LOS ANGELES -- Rick Neuheisel is returning to college coaching at the school where he first found fame and success.
|Rick Neuheisel served as the Baltimore Ravens' offensive coordinator. (Getty Images)|
His five-year contract is for $1.25 million annually, plus incentives.
Neuheisel, 46, succeeds Karl Dorrell, who was fired Dec. 3 after five seasons on the job. Dorrell, who caught two of Neuheisel's scoring passes in UCLA's 45-9 victory over Illinois in the 1984 Rose Bowl, had no head coaching experience before taking the Bruins' job.
Athletic director Dan Guerrero said Neuheisel's experience and success as a head coach were significant.
"In the end it was all about 66 collegiate wins, a percentage that places him among the top active coaches in the country, and an opportunity for Rick to start anew with a clean slate at his alma mater," Guerrero said in a conference call.
"He brings an energy, enthusiasm and a swagger that we needed."
Neuheisel spent the last three seasons as an assistant coach for the NFL's Baltimore Ravens, and will conclude his duties with them when they face Pittsburgh on Sunday. He served as quarterbacks coach in 2005-06, and was promoted to offensive coordinator last January.
"This is something that has been my blood," Neuheisel said of the college game. "I've missed it the last five years.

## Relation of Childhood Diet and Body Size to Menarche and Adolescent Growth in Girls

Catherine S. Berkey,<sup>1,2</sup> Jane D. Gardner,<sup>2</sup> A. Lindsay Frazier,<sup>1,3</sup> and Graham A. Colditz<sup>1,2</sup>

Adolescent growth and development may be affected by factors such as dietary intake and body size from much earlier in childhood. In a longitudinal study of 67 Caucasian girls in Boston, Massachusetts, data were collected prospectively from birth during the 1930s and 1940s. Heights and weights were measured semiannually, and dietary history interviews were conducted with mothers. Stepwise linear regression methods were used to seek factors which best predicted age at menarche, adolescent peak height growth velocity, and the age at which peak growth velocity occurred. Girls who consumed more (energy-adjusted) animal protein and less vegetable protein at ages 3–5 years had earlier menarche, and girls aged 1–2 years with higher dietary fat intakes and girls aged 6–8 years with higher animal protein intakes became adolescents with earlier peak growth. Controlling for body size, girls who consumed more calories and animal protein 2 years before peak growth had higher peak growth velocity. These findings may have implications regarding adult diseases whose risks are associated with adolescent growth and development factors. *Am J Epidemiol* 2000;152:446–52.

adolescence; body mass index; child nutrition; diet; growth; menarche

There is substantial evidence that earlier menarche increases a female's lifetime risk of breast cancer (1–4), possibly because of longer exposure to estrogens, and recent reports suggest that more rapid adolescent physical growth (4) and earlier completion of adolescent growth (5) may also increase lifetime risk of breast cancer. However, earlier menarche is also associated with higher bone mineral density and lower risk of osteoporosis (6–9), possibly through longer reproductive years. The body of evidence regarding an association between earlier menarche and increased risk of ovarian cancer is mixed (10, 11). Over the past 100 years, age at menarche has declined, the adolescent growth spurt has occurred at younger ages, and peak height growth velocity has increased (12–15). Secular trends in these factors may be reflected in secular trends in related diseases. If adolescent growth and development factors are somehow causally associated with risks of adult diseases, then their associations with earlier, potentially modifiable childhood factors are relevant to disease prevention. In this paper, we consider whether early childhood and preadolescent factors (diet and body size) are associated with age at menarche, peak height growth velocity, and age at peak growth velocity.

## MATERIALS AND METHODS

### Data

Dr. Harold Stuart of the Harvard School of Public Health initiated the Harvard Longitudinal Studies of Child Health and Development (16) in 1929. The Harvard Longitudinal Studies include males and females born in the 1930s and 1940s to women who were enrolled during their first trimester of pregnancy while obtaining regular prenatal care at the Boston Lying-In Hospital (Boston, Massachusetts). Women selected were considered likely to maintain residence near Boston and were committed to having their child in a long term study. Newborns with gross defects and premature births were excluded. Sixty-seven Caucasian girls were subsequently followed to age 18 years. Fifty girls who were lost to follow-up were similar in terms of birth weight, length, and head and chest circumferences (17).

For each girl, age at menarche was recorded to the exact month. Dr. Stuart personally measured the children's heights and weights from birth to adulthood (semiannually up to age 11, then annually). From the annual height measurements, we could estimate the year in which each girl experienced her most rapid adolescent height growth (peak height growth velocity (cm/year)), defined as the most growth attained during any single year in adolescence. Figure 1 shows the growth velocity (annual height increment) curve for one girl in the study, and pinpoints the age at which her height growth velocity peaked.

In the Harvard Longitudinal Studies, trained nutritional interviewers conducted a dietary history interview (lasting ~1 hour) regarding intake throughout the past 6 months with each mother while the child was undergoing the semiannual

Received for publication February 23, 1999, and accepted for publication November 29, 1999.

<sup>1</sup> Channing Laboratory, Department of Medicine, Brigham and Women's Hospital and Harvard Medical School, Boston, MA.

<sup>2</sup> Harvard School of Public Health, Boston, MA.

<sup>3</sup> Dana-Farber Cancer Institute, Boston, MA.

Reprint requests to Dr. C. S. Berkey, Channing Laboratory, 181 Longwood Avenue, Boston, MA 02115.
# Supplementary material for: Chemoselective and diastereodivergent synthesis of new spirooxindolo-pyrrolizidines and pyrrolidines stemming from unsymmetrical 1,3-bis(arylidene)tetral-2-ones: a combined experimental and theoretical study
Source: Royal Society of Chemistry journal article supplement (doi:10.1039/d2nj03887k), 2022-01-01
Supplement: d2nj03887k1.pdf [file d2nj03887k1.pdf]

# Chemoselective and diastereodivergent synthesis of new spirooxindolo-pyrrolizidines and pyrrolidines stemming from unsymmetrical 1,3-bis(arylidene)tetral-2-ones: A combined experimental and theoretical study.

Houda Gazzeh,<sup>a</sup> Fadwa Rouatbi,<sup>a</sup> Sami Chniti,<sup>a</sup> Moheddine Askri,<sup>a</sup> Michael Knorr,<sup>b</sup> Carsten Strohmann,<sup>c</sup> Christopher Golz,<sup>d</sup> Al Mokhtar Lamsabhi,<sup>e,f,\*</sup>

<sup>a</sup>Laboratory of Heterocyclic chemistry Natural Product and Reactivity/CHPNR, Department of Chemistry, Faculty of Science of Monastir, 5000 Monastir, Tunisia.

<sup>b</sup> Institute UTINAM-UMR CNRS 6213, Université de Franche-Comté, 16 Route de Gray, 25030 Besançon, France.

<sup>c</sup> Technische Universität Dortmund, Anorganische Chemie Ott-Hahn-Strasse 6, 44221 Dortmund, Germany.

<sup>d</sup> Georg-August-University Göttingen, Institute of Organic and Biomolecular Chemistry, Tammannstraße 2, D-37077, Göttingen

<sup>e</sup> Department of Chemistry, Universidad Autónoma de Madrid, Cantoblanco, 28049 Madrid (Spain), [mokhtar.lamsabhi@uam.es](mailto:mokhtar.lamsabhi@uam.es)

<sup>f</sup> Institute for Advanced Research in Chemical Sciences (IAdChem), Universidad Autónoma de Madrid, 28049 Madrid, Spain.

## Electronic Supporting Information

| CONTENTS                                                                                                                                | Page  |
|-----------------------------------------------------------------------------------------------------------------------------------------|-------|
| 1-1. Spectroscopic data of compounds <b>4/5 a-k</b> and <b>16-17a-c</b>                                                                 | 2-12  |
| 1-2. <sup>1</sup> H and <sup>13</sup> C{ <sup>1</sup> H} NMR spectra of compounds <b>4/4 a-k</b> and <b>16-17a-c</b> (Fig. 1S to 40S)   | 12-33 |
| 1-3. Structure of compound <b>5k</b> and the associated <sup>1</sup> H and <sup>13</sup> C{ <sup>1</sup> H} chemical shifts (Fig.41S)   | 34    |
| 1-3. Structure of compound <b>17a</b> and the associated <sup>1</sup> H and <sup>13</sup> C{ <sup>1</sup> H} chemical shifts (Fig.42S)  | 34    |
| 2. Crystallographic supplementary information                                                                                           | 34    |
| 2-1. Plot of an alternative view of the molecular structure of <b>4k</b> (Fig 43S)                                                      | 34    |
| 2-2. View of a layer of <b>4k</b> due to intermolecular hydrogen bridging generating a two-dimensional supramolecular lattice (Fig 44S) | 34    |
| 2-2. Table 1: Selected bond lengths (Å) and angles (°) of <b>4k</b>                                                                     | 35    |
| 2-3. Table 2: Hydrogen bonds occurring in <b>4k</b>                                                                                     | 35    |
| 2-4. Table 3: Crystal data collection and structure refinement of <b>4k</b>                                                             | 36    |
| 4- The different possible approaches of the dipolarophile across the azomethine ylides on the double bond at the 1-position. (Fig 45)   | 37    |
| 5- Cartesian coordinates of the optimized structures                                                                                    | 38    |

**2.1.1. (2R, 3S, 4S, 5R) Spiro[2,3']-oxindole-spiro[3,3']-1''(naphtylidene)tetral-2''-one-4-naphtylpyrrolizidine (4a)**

"It's a thrill for me to return to my alma mater and take over a program that I think can and should be one of the best in the country."
He had a 66-30 record as a head coach at Colorado from 1995-98 and Washington from 1999-2002. He hasn't been in the college game since Washington fired him in 2003 for participating in a betting pool on the NCAA basketball tournament. He sued for wrongful termination from Washington and settled in March 2005 with UW and the NCAA for $4.5 million.
Colorado was placed on two years' probation by the NCAA for infractions committed while he was the Buffaloes' coach. All were deemed secondary violations and most involved improper contact with recruits.
Neuheisel said he took full responsibility for his past errors in judgment, and assured Guerrero and other UCLA officials that he'd learned from his mistakes.